There is a smoking gun behind American Evangelical support of Israel: Pre-millennial Dispensationalism, which is a theology developed in 1827 by John Nelson Darby, one of the founders of the Plymouth Brethren in Dublin, Ireland. Darby’s view of eschatology (the study of the end times) was that Christians would escape a coming seven-year tribulation period. This perspective became known as the Pre-tribulation Rapture of the Church. Darby faced push- back for his new theology over the issue of Israel. According to Darby, Israel is re- established at the end of days, and a multitude of people living in the land of Israel will suffer during the tribulation. Darby’s critics rejected his notion of an early escape from suffering because of the multitudes of people left behind in Israel. Adding to the criticism was the fact that in 1827, the state of Israel had not yet been born.
Not willing to turn aside from his theory, John Darby had an idea: Christian Zionism. To seal an escape route for Christians and attempt to prove his theology, Darby initiated the Christian Zionist movement to help Jews return to their homeland, thus “proving” his theology that Christians would be raptured and those left behind in Israel would not be Christians but Jews.
Darby’s theology influenced major American Evangelical leaders like D.L. Moody in the late nineteenth century and eventually became the core belief of most Evangelicals. Today, Darby’s claims continue to be widely held within American Evangelicalism.
For American Evangelicals, Darby’s eschatology provides an assurance of immunity from suffering. Yes, American Darby-esq Christian Zionists love Israel, but their motivation seems shallow and lacks authenticity at best and, at worst, smacks of antisemitism. To love one’s neighbor—in this case, Jews—merely out of a need for self-preservation is radically unBiblical in both Judaism and Christianity.
The future forecast of American Evangelical support for Israel is troubling on many levels. First of all, support for Israel within the Evangelical millennial population is plummeting. A recent survey (May 2021) finds support for Israel among US Evangelicals ages 18-29 has been cut in half. Only 33.6% responded positively in support of Israel—an alarming drop from 69% in a similar survey in 2018. This dramatic decline is partly due to the growing narrative of identity politics embraced by many in the millennial age group. Anti-Zionist Evangelical organizations and colleges are framing Israel as a white, colonial, apartheid state, and this narrative is succeeding. If this false narrative remains unchallenged, Evangelicalism as a whole may soon be indifferent to the issue of Israel’s existence.
Secondly, in the last three years, Christian Nationalism has taken root in American Evangelicalism, and rampant within this movement is a concerning Anti-Judaism and antisemitism. A new 2023 PRRI/Brookings survey of more than 6,000 Americans found that 27% of Americans (close to 100 million people) believe the US government should declare America a Christian nation, 44% believe American Jews are more loyal to Israel than to America, and 23% believe Jewish people hold too many positions of power in the US government.
One wonders how an Evangelical leader can, on the one hand, be a Zionist and, on the other, an antisemite. At a recent Christian Nationalist event—Reawaken America—held at Cornerstone Church in San Antonio, Texas, former US National Security Adviser Michael Flynn proclaimed to the thousands in attendance, “God Almighty is involved in this country because this is the last place on earth. This is the shining city on the hill. When Matthew mentioned it in the Bible [the city on the hill], he wasn’t talking about the physical ground he was on [Israel]. He was talking about something in the distance [America].” Mr. Flynn then said, “So we must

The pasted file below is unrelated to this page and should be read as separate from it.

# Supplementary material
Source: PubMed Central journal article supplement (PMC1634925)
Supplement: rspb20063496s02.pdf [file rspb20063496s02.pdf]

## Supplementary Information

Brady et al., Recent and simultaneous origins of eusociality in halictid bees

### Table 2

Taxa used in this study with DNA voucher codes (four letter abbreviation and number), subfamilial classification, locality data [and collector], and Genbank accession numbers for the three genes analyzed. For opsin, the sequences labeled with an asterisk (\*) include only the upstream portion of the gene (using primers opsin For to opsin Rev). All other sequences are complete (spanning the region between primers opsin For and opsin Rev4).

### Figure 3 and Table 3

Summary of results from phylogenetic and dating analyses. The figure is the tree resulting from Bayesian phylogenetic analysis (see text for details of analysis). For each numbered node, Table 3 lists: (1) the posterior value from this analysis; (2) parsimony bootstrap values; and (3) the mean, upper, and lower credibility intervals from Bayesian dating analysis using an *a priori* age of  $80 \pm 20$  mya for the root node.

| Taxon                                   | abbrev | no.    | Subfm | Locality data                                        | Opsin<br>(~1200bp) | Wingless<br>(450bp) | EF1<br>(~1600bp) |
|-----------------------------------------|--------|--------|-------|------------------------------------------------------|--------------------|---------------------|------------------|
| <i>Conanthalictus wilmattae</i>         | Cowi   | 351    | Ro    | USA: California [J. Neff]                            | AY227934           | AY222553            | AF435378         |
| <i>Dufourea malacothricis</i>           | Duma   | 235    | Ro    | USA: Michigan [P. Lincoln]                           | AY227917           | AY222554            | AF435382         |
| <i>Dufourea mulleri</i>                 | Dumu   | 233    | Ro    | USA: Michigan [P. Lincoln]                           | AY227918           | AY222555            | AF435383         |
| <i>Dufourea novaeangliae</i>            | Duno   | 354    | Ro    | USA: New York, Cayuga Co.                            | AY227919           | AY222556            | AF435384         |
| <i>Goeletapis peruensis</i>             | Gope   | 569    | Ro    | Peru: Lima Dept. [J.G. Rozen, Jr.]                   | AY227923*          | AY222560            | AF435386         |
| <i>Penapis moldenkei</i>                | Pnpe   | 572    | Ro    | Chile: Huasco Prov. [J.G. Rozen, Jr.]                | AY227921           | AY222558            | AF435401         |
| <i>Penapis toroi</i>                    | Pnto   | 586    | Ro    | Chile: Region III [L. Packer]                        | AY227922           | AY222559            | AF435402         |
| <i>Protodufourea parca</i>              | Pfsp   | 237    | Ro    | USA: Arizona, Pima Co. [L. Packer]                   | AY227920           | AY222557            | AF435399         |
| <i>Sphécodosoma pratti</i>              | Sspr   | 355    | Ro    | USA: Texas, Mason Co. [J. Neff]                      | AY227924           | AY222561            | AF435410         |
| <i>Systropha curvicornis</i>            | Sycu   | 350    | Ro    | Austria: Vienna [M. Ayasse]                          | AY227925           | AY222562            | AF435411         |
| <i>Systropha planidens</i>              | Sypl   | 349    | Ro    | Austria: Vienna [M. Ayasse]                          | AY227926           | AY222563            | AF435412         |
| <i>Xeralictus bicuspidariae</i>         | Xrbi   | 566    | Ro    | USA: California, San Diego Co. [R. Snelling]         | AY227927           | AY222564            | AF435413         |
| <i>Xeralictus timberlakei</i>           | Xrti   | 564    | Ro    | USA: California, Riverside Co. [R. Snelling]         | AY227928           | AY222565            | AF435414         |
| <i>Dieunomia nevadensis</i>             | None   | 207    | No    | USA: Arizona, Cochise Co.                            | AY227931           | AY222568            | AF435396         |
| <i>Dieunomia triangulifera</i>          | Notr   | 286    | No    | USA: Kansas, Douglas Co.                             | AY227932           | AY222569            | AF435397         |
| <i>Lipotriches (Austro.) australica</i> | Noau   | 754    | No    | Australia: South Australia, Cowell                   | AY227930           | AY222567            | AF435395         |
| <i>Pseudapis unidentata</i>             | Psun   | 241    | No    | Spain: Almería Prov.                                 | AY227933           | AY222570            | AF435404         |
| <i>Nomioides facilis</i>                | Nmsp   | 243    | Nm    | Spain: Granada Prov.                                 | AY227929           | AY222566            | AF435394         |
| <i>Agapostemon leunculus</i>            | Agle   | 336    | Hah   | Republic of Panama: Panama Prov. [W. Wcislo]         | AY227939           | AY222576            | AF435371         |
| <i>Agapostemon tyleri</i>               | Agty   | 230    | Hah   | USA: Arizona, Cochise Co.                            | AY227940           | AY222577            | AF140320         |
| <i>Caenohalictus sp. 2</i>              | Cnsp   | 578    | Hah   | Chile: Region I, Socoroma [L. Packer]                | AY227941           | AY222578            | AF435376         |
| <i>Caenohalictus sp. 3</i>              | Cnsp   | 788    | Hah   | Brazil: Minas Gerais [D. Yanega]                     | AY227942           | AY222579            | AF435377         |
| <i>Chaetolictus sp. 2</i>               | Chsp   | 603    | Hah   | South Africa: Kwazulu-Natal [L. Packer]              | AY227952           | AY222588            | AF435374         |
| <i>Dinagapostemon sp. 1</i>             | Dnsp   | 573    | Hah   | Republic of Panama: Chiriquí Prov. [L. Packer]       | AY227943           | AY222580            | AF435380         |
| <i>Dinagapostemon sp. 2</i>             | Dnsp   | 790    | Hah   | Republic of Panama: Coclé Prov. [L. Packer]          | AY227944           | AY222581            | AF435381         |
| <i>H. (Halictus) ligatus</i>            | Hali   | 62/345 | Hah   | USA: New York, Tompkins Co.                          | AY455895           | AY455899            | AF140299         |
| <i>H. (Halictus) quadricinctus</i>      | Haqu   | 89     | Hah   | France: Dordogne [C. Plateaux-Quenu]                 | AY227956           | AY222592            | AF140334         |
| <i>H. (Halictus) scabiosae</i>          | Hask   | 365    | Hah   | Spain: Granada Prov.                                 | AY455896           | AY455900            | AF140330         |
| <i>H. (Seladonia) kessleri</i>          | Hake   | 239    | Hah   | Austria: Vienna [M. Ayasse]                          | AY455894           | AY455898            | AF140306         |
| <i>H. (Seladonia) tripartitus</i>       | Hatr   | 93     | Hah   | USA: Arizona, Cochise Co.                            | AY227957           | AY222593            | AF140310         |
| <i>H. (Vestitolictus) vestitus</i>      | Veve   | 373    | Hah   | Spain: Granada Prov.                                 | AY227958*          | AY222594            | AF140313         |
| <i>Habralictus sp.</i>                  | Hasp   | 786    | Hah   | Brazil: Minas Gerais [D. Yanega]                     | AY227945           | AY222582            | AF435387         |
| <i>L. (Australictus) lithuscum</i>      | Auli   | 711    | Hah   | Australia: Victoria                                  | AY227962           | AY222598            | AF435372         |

have . . . one religion under God.” Earlier Biblical references to the concept of a light shining in the darkness were about the Jewish people as a light of God’s salvation to the nations. For Christian Nationalist Michael Flynn, America has replaced Israel, and Christianity must replace Judaism.
Scott McKay, a favorite personality within the Evangelical Christian Nationalist Movement, recently proclaimed, “Hitler was fighting the same people we are trying to take down. These people are so elusive and slippery and cunning that we ended up having WWII . . . the same group of people that has done a very good job at hiding under the religion of Judaism.”
Like McKay, Robert Jeffries, a devout Zionist and pastor of First Baptist Church in Dallas, Texas, has also gone on record demeaning Jews and Judaism. Jeffries delivered a prayer at the US Embassy in Jerusalem opening ceremony in May 2018, yet has claimed that one “can’t be saved being a Jew . . . Not only do religions like . . . Judaism . . . lead people away from the true God; they lead people to an eternity of separation from God in hell. . . . Hell is going to be filled with good religious people [Jews] who have rejected the truth of Christ.” It is a confusing paradox how, in one breath, an Evangelical leader can honor Israel’s right to exist as a nation and, in the next breath, condemn Jews to eternal hell.
Because of an eschatological belief that goes well for Christians but not for Jews and because of growing antisemitism and anti-Judaism within the American Evangelical right and anti- Zionism within the Evangelical left, the forecast for US Evangelical support of Israel is bleak. The well might be drying up. Perhaps it is time for a new Christian Zionism that is not influenced by self-preservation or identity politics. The good news is that forecasts can change —winds can shift. There are positive signs that an authentic love for Israel and the Jewish people is growing slowly within Evangelical Christianity today—a love and honor that does not demand the precondition of an eschatological early escape from suffering.